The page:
- Build at least one of every single building in the game. The bonus for doing this one is you can rearrange your buildings at any time. Some of the buildings have really weird shapes (think Princes of Florence) and a few of them need to actually connect together for optimal use. (There's a university and 4 faculties which together are so big they occupy an entire city. Build them apart and you need a worked in each faculty to operate them, but build them beside the university and you just need 1 worker to power all of them at once.)
- Own 3 of every food and luxury good in the game. There are 4 of each, so this amounts to having 24 specific goods on hand at one time to win. The bonus to help do this is you can store an infinite number of goods in your cathedral. (Typically you can't store anything at all, so you have to discard anything you don't use. You can build a storage building which lets you hold one good per square of the storage assuming you put a guy on it. So this bonus saves you a guy a turn, and a wood, and the space in your city that would have gone to storage.)
- Completely engulf another player's zone of control within your own. Normally you control 2 hexes around your cities and inns but there is a building you can build to increase that to 3 along with one that lets you control lakes and such. The bonus for trying to do this one is you get 1 fish when you build your cathedral and you get an extra fish each time someone else builds a cathedral. So, at most, 4 fish. You use food to build extra guys and importantly for this victory condition you also use food to build the inns which expand your territory. This feels like the weakest bonus but it also seems like the easiest win condition if any of the other players are slow to expand.
- Any 2 of the above victory conditions. As a bonus you get all of the above bonuses. As a balancing penalty you cannot change your patron saint. (Normally you can use one of the university faculties to destroy your cathedral and rebuild it but since you get a lot of bonuses for choosing this patron saint you can't blow it up.)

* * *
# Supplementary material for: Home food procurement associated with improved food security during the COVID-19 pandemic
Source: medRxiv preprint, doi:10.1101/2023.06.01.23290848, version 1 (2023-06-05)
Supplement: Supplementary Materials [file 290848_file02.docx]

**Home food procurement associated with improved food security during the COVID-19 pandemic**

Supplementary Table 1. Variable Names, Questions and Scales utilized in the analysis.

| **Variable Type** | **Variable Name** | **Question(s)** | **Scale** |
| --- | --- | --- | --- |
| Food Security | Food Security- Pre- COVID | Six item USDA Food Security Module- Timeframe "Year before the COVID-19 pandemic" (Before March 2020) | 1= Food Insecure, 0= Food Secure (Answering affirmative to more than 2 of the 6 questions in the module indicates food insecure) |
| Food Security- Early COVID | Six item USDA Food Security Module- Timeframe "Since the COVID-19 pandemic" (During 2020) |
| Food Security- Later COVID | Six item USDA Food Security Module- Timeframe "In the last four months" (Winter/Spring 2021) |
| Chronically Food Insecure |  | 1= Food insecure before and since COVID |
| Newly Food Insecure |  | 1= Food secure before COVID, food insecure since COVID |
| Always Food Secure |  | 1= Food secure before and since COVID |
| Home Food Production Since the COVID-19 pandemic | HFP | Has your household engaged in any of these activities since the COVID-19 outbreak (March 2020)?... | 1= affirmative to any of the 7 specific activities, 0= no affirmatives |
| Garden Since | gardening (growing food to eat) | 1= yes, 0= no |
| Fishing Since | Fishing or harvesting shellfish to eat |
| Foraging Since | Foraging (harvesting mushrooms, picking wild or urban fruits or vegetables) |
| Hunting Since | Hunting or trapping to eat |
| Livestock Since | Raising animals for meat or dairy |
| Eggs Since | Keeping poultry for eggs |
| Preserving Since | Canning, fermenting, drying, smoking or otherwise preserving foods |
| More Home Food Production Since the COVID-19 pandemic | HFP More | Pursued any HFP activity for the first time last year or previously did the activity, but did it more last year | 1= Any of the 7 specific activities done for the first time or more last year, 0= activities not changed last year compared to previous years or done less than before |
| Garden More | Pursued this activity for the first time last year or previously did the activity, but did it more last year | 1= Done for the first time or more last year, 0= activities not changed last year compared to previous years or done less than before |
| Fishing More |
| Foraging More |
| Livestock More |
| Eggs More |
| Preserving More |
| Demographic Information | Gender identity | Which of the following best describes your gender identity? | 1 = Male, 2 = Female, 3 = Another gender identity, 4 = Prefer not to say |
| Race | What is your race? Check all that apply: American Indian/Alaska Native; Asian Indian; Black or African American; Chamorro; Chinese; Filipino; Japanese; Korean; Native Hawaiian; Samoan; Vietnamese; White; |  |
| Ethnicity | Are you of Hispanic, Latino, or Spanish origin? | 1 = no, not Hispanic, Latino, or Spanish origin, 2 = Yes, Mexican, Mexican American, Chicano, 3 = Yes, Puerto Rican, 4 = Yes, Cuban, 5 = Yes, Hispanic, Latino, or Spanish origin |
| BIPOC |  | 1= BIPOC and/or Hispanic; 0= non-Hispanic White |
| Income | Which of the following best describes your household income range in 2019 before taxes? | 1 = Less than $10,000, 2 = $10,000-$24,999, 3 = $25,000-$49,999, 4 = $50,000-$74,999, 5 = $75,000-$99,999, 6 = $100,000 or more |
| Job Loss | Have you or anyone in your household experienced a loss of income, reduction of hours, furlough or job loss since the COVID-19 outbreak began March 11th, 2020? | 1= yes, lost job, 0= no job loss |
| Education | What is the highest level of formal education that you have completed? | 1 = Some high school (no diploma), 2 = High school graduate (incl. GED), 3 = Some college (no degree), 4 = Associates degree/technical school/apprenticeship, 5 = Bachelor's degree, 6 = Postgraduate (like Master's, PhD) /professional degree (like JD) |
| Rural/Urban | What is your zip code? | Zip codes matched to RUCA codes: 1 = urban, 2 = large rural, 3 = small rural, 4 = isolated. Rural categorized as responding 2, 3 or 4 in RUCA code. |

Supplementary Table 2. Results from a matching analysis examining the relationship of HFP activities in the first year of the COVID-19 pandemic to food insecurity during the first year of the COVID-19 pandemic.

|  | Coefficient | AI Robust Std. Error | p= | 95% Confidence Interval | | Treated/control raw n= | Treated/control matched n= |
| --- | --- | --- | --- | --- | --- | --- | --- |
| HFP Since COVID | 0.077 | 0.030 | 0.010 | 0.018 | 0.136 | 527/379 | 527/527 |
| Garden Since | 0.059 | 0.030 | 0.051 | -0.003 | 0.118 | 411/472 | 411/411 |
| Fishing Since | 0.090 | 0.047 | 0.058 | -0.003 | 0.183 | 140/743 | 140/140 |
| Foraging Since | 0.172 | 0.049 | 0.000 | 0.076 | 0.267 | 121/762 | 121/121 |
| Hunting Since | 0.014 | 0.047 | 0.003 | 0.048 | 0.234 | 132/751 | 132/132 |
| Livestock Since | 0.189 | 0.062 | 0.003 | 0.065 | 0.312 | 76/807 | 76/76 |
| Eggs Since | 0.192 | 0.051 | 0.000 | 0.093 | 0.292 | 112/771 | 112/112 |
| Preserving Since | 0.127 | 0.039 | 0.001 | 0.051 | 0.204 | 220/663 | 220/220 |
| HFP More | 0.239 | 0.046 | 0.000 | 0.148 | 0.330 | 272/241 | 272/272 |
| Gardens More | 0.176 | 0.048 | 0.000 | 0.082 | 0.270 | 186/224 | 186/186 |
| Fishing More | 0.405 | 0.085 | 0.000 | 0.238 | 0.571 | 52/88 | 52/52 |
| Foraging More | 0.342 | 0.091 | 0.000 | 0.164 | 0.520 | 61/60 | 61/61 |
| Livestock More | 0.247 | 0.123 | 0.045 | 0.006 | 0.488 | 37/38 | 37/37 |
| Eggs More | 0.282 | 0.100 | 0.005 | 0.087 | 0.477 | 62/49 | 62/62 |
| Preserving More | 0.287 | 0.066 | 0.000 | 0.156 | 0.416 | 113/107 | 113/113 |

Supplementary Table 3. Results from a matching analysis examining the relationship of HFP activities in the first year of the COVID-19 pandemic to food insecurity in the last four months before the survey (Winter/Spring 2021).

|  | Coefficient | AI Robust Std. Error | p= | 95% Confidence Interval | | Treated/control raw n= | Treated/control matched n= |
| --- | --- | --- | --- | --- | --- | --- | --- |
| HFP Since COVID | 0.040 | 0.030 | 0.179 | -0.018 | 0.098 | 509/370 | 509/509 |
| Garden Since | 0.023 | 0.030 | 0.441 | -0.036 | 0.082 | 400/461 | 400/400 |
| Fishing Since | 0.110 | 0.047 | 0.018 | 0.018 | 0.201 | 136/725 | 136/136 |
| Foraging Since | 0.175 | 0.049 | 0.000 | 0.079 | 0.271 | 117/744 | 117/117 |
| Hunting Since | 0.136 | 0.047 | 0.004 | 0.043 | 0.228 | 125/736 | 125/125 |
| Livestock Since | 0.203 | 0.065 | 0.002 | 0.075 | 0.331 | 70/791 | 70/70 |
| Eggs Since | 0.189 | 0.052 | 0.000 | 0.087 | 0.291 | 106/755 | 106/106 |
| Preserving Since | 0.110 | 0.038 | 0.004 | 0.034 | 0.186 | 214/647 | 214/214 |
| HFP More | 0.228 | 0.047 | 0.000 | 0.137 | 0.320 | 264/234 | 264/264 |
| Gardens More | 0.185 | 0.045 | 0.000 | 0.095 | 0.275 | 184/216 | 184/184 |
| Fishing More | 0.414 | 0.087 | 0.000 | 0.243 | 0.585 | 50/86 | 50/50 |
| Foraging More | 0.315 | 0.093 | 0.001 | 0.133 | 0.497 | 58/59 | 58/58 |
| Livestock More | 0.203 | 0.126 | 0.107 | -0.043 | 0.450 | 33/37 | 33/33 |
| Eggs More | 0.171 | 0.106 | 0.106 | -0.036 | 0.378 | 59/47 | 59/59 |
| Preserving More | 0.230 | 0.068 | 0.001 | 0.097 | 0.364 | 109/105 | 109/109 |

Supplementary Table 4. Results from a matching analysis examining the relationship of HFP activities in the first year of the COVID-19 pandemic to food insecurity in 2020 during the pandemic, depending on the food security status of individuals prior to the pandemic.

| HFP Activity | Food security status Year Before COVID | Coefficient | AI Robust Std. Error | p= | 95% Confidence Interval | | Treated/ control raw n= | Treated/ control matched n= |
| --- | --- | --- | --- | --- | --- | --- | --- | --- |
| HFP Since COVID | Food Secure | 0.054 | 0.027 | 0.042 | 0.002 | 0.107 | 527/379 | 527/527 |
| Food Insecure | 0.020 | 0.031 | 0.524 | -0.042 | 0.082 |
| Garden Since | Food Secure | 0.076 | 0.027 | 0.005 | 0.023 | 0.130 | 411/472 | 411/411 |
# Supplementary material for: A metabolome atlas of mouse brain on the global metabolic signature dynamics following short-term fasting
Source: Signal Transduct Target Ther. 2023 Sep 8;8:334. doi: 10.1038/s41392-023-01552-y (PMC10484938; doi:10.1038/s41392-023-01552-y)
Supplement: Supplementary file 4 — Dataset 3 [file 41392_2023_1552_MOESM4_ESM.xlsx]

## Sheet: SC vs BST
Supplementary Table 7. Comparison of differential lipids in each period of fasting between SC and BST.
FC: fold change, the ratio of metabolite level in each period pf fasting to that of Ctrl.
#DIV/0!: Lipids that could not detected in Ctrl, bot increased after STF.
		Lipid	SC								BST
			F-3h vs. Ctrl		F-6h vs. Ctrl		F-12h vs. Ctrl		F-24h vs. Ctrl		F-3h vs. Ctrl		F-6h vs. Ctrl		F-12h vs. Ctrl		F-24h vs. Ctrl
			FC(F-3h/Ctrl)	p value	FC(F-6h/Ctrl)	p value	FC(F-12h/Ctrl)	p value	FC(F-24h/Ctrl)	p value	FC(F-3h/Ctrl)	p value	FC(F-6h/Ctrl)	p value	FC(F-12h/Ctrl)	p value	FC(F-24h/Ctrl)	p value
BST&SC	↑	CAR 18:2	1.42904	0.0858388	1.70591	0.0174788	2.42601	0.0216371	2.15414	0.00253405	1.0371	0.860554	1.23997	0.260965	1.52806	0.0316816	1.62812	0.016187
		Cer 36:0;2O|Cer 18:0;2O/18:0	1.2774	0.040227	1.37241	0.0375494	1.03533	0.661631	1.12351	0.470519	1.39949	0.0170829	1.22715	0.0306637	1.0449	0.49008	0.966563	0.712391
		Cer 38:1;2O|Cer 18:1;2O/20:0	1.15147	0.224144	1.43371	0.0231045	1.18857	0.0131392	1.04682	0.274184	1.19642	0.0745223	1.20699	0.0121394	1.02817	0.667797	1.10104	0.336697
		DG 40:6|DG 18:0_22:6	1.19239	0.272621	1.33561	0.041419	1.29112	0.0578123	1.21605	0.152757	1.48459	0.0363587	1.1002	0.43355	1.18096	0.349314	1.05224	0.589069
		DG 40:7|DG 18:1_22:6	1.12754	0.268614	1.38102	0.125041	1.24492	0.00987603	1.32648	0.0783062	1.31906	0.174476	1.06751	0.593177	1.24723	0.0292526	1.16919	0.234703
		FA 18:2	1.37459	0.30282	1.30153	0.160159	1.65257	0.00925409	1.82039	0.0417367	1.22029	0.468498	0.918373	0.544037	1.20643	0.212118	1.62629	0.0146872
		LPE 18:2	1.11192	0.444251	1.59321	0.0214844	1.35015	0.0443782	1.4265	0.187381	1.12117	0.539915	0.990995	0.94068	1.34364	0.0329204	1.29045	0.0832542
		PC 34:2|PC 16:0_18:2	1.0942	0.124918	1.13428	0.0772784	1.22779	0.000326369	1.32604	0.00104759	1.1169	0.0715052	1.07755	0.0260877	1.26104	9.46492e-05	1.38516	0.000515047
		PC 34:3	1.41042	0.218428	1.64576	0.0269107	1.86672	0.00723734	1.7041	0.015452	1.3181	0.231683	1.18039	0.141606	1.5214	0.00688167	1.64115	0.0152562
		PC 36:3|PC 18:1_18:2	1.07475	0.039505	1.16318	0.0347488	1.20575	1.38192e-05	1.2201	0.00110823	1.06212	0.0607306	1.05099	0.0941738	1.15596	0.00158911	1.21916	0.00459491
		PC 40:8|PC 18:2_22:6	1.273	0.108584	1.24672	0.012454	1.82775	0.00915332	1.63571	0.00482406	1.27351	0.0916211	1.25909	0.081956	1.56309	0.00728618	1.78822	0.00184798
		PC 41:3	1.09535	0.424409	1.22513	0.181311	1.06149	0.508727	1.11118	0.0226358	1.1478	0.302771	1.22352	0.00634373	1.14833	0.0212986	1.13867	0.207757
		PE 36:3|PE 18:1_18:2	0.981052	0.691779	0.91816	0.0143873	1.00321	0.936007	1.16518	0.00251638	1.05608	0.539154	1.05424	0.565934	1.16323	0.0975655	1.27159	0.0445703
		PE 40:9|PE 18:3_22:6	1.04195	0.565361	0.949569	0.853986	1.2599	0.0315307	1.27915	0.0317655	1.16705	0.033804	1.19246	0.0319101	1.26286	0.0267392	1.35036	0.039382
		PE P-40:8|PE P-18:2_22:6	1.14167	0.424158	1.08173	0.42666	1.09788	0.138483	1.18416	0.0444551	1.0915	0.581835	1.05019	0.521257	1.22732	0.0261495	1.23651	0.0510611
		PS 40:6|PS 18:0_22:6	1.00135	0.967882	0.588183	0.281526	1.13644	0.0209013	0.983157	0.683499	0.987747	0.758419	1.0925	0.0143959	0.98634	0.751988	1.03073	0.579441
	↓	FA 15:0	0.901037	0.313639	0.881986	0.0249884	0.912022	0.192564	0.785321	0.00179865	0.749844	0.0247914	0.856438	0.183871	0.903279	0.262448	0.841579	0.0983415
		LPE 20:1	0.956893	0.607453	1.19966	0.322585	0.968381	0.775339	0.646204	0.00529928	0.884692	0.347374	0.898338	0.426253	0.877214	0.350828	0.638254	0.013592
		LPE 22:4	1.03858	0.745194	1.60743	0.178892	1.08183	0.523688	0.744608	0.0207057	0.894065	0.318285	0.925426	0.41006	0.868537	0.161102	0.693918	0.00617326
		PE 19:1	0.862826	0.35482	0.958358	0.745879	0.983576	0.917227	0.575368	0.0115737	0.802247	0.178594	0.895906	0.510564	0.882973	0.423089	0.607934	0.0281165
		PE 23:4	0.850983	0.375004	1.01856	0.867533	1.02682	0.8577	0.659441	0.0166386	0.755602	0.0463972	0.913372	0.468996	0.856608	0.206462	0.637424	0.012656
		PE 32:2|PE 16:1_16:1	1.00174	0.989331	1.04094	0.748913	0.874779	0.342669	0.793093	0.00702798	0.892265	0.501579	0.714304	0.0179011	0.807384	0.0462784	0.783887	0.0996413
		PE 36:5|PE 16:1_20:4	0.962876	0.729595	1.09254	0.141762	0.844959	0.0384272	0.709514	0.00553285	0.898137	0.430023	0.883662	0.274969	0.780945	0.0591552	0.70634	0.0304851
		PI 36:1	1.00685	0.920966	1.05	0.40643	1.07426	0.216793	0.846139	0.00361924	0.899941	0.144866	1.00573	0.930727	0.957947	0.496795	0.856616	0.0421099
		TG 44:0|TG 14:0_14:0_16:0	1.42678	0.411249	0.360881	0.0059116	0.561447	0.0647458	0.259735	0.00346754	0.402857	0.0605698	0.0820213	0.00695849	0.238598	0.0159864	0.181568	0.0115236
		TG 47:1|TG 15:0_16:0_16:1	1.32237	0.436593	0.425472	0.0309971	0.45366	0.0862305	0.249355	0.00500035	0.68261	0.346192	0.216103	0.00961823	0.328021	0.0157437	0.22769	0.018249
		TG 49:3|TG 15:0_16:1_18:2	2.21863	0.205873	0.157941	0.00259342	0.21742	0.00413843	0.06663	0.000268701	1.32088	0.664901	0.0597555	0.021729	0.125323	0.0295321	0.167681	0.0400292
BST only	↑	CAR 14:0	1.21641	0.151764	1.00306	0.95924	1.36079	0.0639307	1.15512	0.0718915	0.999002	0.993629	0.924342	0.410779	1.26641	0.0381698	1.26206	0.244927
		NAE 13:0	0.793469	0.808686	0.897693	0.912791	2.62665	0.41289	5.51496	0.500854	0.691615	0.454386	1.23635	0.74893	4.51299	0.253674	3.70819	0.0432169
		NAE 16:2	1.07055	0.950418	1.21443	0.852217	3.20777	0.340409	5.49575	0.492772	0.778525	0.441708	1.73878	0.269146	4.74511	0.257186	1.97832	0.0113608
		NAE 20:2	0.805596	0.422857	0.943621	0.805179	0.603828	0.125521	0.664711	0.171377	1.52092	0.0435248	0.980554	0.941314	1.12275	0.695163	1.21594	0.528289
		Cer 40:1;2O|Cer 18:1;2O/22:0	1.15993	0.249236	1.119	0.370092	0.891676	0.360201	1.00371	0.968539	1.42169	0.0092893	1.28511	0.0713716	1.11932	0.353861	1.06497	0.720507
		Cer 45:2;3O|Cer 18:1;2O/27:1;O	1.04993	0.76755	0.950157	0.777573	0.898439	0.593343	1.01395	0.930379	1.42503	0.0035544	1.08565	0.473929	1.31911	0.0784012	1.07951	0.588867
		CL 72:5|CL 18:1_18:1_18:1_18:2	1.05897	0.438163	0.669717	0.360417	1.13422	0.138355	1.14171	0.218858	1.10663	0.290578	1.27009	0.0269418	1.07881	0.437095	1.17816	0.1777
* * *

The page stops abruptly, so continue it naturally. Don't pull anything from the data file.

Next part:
Also helping the replayability is the game comes with a large number of double sided hexes to use building the overland map so you end up with a different distribution of terrain to use each game.
I actually got to play the game a second time on Sunday as well and it was pretty great each time. I played the super saint both times and came close to winning the first time and won pretty handily the second time. Both games played out very differently mostly because of the way famine works in the game. Basically the number of people who die increases by one each turn. So the first turn everyone gets 0 graves. The second turn everyone gets 1 grave. And so on. But there are ways to raise or lower that number as the game goes on. The first game people aggressively spent resources to lower the number (which costs you resources and benefits everyone) and the second game no one did. On top of that in the second game I aggressively tried to raise the number as much as possible since I was the super saint and felt I could use the bonuses to mitigate the damage and also if people have to spend time dealing with graves it will slow them down and I wanted that time to get 2 winning conditions. It worked; two of the players got completely overwhelmed with graves. We even ran out of grave tokens and needed to use other things to sub in.
The game takes in the 2-3 hour range to play (and likely gets shorter as people get used to the mechanics). I think I'd like to play a lot more of it, but it would be a reasonable investment to pick up a copy. So the question then is: does it sound interesting enough that people would play it?